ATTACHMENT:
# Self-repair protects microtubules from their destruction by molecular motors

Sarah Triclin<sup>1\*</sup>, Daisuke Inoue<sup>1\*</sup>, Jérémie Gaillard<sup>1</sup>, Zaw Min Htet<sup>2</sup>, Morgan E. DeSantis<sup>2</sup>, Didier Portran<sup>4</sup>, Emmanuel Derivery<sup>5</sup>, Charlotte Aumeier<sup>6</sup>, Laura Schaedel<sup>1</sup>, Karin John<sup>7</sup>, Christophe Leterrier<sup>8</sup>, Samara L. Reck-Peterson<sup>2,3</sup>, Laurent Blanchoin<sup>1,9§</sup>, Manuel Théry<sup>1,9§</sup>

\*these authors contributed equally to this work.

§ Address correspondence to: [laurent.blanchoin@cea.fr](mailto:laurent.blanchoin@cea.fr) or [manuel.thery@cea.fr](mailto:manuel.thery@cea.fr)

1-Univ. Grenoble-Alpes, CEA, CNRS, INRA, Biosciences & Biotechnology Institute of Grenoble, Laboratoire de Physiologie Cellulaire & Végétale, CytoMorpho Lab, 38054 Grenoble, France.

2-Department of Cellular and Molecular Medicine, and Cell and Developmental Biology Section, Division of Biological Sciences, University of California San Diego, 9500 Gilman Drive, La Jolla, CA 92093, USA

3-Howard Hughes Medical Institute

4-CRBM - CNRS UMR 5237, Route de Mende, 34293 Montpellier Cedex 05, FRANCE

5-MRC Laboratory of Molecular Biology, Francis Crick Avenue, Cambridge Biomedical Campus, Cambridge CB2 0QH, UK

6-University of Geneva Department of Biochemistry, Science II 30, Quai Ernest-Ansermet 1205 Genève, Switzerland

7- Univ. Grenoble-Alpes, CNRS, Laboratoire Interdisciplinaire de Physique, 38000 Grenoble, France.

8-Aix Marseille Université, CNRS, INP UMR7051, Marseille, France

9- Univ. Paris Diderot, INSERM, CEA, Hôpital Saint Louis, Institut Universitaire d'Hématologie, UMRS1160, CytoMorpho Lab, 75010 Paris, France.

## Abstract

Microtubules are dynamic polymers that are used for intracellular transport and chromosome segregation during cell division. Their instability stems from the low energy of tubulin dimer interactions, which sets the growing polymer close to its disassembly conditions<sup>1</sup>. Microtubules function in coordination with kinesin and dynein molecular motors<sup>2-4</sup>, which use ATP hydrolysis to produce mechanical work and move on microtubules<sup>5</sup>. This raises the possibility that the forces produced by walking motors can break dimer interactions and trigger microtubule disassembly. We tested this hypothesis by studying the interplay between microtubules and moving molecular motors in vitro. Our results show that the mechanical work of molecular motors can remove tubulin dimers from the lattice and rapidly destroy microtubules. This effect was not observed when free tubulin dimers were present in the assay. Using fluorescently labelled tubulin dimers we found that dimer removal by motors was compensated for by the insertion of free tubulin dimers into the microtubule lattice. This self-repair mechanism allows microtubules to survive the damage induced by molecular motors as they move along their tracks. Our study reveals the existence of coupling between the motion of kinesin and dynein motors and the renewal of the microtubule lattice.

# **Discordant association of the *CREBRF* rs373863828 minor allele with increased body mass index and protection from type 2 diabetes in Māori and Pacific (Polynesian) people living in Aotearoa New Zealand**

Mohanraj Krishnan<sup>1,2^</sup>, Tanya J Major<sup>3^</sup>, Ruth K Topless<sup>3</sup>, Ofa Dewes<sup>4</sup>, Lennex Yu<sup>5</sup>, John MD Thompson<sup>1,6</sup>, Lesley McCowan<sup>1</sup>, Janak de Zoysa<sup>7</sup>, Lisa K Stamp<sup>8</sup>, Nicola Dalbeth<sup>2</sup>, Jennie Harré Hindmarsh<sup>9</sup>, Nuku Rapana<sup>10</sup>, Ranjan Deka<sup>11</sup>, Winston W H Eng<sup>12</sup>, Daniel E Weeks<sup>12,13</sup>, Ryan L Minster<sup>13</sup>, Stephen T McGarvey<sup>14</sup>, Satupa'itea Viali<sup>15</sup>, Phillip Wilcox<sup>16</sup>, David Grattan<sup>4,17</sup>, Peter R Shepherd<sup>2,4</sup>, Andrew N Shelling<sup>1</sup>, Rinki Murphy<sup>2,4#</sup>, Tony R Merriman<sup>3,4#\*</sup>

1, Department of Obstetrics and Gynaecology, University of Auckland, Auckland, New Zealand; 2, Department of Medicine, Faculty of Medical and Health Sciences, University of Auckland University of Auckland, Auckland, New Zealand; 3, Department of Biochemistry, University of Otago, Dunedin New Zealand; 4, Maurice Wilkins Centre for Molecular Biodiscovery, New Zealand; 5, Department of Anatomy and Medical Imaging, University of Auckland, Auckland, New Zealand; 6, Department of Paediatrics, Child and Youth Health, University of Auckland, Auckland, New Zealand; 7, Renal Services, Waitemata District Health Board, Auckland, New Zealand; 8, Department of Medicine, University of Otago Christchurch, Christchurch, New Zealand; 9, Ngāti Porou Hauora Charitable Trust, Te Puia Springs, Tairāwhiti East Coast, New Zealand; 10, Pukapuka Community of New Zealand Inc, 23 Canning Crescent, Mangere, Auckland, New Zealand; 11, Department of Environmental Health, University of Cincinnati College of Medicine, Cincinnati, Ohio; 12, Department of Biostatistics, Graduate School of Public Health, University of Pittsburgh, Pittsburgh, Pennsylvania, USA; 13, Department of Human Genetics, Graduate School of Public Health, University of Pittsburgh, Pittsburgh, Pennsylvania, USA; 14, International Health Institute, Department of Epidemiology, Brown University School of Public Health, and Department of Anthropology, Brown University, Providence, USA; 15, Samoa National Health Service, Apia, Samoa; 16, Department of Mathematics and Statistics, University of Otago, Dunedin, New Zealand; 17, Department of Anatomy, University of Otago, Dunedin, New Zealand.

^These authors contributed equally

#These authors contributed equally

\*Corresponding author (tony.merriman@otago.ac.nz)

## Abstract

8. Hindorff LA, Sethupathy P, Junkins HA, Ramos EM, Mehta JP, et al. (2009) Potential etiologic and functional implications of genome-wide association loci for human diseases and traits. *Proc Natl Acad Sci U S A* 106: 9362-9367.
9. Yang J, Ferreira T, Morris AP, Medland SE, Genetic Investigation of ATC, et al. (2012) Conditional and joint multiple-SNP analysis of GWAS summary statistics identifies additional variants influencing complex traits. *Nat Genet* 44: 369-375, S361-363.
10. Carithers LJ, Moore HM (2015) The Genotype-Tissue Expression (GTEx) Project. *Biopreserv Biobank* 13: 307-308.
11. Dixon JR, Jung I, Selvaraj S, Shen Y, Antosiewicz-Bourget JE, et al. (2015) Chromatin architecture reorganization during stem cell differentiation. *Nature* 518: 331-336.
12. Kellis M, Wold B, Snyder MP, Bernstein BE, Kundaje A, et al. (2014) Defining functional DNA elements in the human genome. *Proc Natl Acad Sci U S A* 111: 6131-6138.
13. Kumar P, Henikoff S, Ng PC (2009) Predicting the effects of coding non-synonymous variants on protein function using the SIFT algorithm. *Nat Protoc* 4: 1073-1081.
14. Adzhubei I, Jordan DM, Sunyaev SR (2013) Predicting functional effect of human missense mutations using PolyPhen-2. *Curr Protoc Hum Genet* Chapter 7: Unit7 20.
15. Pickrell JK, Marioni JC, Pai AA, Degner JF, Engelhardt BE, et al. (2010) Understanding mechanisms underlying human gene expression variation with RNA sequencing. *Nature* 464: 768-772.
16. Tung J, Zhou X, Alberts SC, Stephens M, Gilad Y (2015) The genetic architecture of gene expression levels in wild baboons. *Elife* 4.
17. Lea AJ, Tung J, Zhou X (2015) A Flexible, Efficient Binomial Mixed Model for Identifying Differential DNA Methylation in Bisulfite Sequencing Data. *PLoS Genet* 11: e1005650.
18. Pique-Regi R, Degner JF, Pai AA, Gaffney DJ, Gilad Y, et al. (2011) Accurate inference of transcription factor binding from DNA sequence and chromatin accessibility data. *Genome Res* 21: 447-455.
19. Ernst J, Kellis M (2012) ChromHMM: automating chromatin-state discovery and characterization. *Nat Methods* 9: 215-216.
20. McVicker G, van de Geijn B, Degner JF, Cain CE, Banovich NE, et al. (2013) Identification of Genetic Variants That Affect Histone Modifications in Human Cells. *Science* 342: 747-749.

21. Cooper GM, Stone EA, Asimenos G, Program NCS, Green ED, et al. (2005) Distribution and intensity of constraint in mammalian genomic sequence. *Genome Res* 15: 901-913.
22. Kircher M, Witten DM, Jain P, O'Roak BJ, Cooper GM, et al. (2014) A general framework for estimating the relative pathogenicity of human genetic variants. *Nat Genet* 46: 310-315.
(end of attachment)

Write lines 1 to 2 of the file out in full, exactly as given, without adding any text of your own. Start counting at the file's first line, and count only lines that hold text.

# Self-repair protects microtubules from their destruction by molecular motors

Sarah Triclin<sup>1\*</sup>, Daisuke Inoue<sup>1\*</sup>, Jérémie Gaillard<sup>1</sup>, Zaw Min Htet<sup>2</sup>, Morgan E. DeSantis<sup>2</sup>, Didier Portran<sup>4</sup>, Emmanuel Derivery<sup>5</sup>, Charlotte Aumeier<sup>6</sup>, Laura Schaedel<sup>1</sup>, Karin John<sup>7</sup>, Christophe Leterrier<sup>8</sup>, Samara L. Reck-Peterson<sup>2,3</sup>, Laurent Blanchoin<sup>1,9§</sup>, Manuel Théry<sup>1,9§</sup>